In her speech to the Conservative Party Conference last week, Prime Minister Liz Truss singled out an ‘anti-growth’ coalition as responsible for the UK’s lack of economic progress. The coalition appears to have a new member – Environment Secretary Ranil Jayawardena, who yesterday was widely reported as, ‘planning to ban solar farms from most of England’s farmland.’
The reality is less dramatic. Mr Jayawardena’s proposal is, in fact, to expand the definition of ‘best and most versatile’ (BMV) farmland to include land graded 3B. Guidance issued by the Department for Levelling Up, Housing and Communities (DLUHC) discourages but does not preclude development of solar farms on BMV land. The change would therefore make it harder to put solar panels on farmland but not ban it outright.
Any change will also require the consent of DLUHC and the Department for Business, Energy and Industrial Strategy (BEIS). This is less than certain – BEIS, notably, is pushing to deregulate oil and gas and other forms of renewable energy.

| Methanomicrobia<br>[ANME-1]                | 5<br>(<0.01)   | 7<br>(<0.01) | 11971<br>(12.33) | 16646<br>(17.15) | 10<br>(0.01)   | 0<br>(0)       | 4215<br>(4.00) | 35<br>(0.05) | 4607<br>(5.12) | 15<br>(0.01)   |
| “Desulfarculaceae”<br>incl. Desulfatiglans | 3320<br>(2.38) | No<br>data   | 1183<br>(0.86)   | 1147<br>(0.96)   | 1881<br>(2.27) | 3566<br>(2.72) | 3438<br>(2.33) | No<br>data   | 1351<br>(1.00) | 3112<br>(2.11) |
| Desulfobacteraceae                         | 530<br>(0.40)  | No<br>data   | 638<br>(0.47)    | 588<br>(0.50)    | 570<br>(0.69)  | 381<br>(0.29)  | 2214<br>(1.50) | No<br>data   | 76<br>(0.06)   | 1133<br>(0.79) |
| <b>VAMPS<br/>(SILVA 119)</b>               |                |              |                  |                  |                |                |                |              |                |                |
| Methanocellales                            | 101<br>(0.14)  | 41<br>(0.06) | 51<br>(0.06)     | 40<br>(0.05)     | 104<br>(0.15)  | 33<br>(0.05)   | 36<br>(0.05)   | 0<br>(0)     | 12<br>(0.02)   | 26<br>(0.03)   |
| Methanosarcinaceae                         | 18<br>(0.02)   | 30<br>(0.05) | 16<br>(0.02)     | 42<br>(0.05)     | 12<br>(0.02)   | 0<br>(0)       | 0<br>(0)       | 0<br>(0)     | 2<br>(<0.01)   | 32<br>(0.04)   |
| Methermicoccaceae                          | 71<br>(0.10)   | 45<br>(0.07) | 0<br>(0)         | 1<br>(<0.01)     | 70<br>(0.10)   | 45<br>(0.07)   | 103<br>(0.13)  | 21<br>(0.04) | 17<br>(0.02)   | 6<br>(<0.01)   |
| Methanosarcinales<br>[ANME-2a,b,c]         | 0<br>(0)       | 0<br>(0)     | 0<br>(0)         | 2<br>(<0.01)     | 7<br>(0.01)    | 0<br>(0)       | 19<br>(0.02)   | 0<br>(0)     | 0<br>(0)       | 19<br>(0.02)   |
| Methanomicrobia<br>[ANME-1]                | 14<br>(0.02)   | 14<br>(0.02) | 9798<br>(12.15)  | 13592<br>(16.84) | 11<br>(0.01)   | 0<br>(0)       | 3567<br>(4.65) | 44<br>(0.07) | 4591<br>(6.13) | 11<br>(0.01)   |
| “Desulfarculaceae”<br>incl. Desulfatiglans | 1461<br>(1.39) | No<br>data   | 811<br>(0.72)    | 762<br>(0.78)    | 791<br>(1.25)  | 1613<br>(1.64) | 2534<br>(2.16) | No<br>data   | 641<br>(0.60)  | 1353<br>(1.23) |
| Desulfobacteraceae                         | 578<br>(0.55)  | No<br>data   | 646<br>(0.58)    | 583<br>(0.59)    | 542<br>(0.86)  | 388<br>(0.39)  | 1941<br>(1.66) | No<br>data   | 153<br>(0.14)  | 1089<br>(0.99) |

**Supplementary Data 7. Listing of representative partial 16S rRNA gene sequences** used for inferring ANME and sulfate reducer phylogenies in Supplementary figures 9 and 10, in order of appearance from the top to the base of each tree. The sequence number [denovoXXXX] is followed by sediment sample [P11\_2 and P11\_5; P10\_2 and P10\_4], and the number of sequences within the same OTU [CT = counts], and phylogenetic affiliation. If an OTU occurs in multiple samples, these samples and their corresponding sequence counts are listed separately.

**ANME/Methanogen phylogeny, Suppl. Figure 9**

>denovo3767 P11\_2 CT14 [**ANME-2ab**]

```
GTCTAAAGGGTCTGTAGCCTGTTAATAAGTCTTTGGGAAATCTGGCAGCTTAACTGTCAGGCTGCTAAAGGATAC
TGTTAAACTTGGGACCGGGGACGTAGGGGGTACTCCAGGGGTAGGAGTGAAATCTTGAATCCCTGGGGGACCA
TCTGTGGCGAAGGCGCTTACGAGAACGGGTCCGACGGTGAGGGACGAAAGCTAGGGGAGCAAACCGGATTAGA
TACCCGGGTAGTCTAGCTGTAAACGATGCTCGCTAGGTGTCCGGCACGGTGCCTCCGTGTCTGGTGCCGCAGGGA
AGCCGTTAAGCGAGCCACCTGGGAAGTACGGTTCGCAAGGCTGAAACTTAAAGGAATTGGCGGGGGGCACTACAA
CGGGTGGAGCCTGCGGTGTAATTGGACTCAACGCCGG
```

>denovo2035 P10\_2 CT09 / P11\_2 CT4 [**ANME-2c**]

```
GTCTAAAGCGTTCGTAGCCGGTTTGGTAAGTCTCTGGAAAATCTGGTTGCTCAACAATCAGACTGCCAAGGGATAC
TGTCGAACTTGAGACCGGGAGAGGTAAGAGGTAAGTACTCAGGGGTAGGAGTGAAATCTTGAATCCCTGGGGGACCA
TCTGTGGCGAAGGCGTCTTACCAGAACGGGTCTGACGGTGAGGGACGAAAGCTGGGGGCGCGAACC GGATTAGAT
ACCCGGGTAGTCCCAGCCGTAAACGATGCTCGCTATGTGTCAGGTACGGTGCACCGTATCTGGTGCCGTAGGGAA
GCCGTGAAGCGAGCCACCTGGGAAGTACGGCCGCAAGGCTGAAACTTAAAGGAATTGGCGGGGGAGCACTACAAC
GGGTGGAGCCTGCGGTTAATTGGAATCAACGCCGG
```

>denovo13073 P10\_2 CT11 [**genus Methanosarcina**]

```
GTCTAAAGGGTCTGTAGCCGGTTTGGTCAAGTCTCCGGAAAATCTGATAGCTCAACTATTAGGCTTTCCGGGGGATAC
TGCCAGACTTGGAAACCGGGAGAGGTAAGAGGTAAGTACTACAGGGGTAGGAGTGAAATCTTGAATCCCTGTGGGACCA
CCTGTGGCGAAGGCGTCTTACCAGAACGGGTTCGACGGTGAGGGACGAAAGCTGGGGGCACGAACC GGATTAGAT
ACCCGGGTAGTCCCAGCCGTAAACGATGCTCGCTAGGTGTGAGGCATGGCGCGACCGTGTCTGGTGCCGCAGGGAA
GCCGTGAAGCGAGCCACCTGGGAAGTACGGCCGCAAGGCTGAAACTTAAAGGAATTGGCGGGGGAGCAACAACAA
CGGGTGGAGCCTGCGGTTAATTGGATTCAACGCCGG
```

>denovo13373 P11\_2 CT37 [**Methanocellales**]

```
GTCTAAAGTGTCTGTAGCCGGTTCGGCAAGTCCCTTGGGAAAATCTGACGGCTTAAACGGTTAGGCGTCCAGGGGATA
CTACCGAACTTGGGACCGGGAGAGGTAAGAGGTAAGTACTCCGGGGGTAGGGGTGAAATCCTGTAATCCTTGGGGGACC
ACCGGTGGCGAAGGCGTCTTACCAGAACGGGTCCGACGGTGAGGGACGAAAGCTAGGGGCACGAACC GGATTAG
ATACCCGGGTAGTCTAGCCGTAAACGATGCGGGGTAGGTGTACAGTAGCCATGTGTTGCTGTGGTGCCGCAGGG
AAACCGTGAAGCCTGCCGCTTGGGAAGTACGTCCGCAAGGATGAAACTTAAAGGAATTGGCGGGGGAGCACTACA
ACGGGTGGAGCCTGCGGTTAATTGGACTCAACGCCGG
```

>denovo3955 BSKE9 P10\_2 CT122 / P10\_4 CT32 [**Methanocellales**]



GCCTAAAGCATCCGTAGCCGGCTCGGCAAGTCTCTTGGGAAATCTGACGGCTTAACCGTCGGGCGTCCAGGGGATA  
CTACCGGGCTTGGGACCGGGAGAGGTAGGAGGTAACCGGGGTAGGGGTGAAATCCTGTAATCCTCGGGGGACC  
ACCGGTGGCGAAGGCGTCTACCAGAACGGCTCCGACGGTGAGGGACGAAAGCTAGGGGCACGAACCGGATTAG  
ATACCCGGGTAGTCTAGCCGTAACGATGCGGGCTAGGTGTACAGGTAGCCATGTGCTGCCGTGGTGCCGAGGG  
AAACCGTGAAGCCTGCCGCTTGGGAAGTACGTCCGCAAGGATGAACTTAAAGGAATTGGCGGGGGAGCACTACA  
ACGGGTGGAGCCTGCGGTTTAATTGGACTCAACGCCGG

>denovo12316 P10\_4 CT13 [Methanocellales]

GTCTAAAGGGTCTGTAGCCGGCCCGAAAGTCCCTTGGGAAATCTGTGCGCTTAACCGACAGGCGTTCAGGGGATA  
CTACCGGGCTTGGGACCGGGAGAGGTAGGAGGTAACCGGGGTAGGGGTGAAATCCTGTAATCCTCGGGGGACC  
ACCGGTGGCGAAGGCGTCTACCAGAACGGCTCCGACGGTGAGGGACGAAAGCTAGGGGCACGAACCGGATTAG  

Mr Jayawardena’s position is, nonetheless, likely to alarm anyone who recognises the role solar farms must play in helping meet the UK’s energy needs. It is reported as being rooted in concern for the UK’s food security. This reflects comments made by Ms Truss to Conservative members on the campaign trail and of the various Conservative MPs campaigning against solar farms in their constituencies.
The solar industry has argued in response that restricting new solar development is unlikely to improve food security. Solar Energy UK, for example, has pointed out that even if every solar farm currently put forward was built, this would still account for less than 0.4% of the UK’s agricultural land and 0.28% of the UK’s entire land area.
This points to a broader need for a strategic approach to land use in the UK. The country faces an urgent need to deliver more of its own food and energy, at the same time as delivering enough housing and helping nature flourish. The current House of Lords enquiry on land use in England has received a range of detailed and valuable submissions which could help inform this strategy.
Yesterday’s news suggests that policy is currently being made ad-hoc. It represents a change to what the Government considers good farmland based not on the characteristics of the land itself but its desire to restrict its use.
The risk is that the Government will make it harder to meet its net zero commitments – without meaningfully improving food security. A more comprehensive reckoning with land use will help avoid this.